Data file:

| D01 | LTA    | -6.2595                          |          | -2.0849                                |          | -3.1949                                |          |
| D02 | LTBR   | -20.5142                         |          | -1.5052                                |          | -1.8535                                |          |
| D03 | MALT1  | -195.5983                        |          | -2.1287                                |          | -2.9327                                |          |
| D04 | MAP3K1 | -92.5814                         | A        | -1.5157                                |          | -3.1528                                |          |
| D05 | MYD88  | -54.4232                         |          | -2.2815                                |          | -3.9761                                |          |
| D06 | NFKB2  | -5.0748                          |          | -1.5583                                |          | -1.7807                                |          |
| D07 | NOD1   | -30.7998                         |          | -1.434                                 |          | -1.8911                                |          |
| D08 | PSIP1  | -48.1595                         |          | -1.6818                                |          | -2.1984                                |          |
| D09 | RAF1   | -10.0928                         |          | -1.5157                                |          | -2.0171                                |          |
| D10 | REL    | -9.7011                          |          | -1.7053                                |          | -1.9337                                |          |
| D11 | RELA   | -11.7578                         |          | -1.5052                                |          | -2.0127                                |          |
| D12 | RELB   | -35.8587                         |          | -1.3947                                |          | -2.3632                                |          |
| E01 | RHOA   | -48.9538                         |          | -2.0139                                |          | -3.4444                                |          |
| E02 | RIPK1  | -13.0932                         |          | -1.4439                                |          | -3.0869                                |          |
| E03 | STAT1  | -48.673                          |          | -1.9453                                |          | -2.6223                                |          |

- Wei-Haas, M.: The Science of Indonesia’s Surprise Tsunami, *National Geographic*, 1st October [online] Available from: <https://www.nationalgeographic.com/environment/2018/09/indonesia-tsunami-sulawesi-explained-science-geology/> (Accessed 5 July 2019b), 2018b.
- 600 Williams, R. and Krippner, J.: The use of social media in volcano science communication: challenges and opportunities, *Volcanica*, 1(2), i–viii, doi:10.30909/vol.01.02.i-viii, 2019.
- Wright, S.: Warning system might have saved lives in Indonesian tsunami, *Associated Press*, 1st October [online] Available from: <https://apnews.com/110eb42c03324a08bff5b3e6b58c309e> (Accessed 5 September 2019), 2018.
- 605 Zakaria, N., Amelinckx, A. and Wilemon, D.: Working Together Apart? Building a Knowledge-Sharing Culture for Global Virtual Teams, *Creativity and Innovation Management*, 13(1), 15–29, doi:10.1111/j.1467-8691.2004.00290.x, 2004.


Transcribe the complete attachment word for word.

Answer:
| D01 | LTA    | -6.2595                          |          | -2.0849                                |          | -3.1949                                |          |
| D02 | LTBR   | -20.5142                         |          | -1.5052                                |          | -1.8535                                |          |
| D03 | MALT1  | -195.5983                        |          | -2.1287                                |          | -2.9327                                |          |
| D04 | MAP3K1 | -92.5814                         | A        | -1.5157                                |          | -3.1528                                |          |
| D05 | MYD88  | -54.4232                         |          | -2.2815                                |          | -3.9761                                |          |
| D06 | NFKB2  | -5.0748                          |          | -1.5583                                |          | -1.7807                                |          |
| D07 | NOD1   | -30.7998                         |          | -1.434                                 |          | -1.8911                                |          |
| D08 | PSIP1  | -48.1595                         |          | -1.6818                                |          | -2.1984                                |          |
| D09 | RAF1   | -10.0928                         |          | -1.5157                                |          | -2.0171                                |          |
| D10 | REL    | -9.7011                          |          | -1.7053                                |          | -1.9337                                |          |
| D11 | RELA   | -11.7578                         |          | -1.5052                                |          | -2.0127                                |          |
| D12 | RELB   | -35.8587                         |          | -1.3947                                |          | -2.3632                                |          |
| E01 | RHOA   | -48.9538                         |          | -2.0139                                |          | -3.4444                                |          |
| E02 | RIPK1  | -13.0932                         |          | -1.4439                                |          | -3.0869                                |          |
| E03 | STAT1  | -48.673                          |          | -1.9453                                |          | -2.6223                                |          |

- Wei-Haas, M.: The Science of Indonesia’s Surprise Tsunami, *National Geographic*, 1st October [online] Available from: <https://www.nationalgeographic.com/environment/2018/09/indonesia-tsunami-sulawesi-explained-science-geology/> (Accessed 5 July 2019b), 2018b.
- 600 Williams, R. and Krippner, J.: The use of social media in volcano science communication: challenges and opportunities, *Volcanica*, 1(2), i–viii, doi:10.30909/vol.01.02.i-viii, 2019.
- Wright, S.: Warning system might have saved lives in Indonesian tsunami, *Associated Press*, 1st October [online] Available from: <https://apnews.com/110eb42c03324a08bff5b3e6b58c309e> (Accessed 5 September 2019), 2018.
- 605 Zakaria, N., Amelinckx, A. and Wilemon, D.: Working Together Apart? Building a Knowledge-Sharing Culture for Global Virtual Teams, *Creativity and Innovation Management*, 13(1), 15–29, doi:10.1111/j.1467-8691.2004.00290.x, 2004.